In the human heart, there has always been a great desire to be free. But right now, there are millions of Americans who are slaves to alcohol, or to drugs, or to the economy, to racism, to hatred planted in them by Satan’s own liberal troopers, or to the almighty dollar. We live in a day when people pride themselves on being free, but the Lord Jesus said, “If the Son makes you free, you are free indeed.” You will not get arguments for or against slavery in this epistle. What you do learn is that freedom that is above all the slavery of this world. It is the freedom that every one of us wants to have.


The primary purpose of this epistle is to reveal Christ’s love for us in what He did for us in pleading our case before God. This is one of the finest illustrations of substitution. “If he hath wronged thee, or oweth thee ought, put that on mine account” (verse 18). We can hear Christ agreeing to take our place and to have all our sin imputed to Him. He took our place in death, but He gives us His place in life. “If thou count me therefore a partner, receive him as myself” (verse 18). We have the standing of Christ before God, or we have no standing at all. Onesimus, the unprofitable runaway slave, was to be received as Paul the great apostle would have been received in the home of Philemon.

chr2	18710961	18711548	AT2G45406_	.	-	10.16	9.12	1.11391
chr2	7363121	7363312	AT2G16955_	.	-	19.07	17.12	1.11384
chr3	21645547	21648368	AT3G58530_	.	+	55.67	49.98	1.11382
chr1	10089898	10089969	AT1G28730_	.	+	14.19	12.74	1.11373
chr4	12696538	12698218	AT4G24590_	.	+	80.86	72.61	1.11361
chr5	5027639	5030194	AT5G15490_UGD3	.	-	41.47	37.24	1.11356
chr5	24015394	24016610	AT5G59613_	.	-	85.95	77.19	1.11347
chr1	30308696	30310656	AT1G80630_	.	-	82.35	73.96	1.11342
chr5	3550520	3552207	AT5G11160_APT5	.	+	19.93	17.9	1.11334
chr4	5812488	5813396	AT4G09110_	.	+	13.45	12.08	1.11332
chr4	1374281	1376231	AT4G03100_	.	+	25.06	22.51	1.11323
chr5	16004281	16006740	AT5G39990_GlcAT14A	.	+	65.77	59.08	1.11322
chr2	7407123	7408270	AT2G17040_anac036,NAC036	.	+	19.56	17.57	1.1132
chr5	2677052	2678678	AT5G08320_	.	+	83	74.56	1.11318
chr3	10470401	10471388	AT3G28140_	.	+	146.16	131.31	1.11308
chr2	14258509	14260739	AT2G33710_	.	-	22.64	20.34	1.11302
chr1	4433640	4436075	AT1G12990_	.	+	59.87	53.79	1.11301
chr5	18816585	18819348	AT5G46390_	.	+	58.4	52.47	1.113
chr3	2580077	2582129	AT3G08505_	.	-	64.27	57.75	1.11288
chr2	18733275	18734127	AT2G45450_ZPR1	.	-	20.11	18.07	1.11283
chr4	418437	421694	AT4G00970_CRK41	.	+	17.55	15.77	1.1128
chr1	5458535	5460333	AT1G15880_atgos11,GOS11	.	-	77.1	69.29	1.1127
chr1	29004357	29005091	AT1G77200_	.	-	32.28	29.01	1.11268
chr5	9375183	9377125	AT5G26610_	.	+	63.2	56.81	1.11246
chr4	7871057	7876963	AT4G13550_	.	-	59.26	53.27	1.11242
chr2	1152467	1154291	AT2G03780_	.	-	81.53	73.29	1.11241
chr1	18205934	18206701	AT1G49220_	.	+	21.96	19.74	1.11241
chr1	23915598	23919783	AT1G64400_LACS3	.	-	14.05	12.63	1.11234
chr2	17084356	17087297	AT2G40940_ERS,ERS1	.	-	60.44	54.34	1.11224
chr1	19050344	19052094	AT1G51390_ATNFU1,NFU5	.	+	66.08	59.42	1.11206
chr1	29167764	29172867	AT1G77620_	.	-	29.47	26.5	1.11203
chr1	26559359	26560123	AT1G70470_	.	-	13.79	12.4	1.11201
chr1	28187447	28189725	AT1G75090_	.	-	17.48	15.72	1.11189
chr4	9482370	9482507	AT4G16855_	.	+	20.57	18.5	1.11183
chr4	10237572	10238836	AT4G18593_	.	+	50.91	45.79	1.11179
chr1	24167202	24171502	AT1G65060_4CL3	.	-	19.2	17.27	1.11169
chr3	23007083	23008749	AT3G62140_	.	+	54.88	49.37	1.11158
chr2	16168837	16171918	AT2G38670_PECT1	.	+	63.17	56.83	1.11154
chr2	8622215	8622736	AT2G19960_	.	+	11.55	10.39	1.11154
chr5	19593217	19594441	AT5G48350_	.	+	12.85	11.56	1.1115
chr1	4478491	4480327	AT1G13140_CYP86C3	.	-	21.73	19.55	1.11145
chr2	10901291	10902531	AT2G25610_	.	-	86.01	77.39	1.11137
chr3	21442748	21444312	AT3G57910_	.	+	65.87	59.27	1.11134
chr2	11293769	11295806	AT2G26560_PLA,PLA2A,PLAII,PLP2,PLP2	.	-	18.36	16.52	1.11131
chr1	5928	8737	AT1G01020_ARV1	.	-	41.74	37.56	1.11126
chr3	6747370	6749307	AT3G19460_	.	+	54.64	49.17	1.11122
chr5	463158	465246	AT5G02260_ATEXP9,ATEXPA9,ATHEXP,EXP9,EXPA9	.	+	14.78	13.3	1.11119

The practical purpose is to teach brotherly love. Paul spoke of the new relationship between master and servant in the other prison epistles. Here he demonstrates how it should work. These men, belonging to two different classes in the Roman Empire, hating each other and hurting each other, are now brothers in Christ, and they are to act like it. This is the only solution to the problems and hatreds between capital and labor, hatred between races, hatred of any type.

OUTLINE (of the verse by verse study)

  1. Genial Greeting to Philemon and His Family (vv1-3)
  2. Good Reputation of Philemon (vv4-7)
  3. Gracious Plea for Onesimus (vv8-16)
  4. Guiltless Substitutes for Guilty (v17)
  5. Glorious Illustration of Imputation (v18)
  6. General and Personal Items and Requests (vv19-25)

NOTES  (verse by verse study)


v1 Notice that Paul does not mention the fact that he is an apostle. When he was writing to the churches, he gave his official title: an apostle of Jesus Christ. But this is a personal letter to a personal friend. He does not need to defend his apostleship. He intended for this to be very personal, and I (Dr. McGee) think he would really be surprised to know it can be read by the whole world.

“Paul, a prisoner of Jesus Christ.” Dr. McGee notices that several of the commentaries try to change this and explain it away by teaching that Paul really meant that he was a prisoner because he was preaching the gospel of Jesus Christ. But that is not what Paul said, and Paul had the ability of saying exactly what he had in mend. He was using the Greek language which is very flexible, versatile language. He said he was a prisoner of Jesus Christ. Also, the Holy Spirit is guiding this writing, and certainly the Holy Spirit, God, says what He means.

Paul would tell you Jesus Christ would put him in jail, not the religious leaders who brought the charges or the Romans. You might ask Paul, “You mean that you would serve Someone who would put you in prison?” “Yes, when it’s His will for me to be in prison, I’m in prison. When it’s His will for me to be out of prison, I’ll be out of prison. When it’s His will for me to be sick, I’m going to be sick. I belong to Him. Since I belong to Him, I have learned to be content in whatsoever state I am in. Everything is all right. Don’t worry about me.”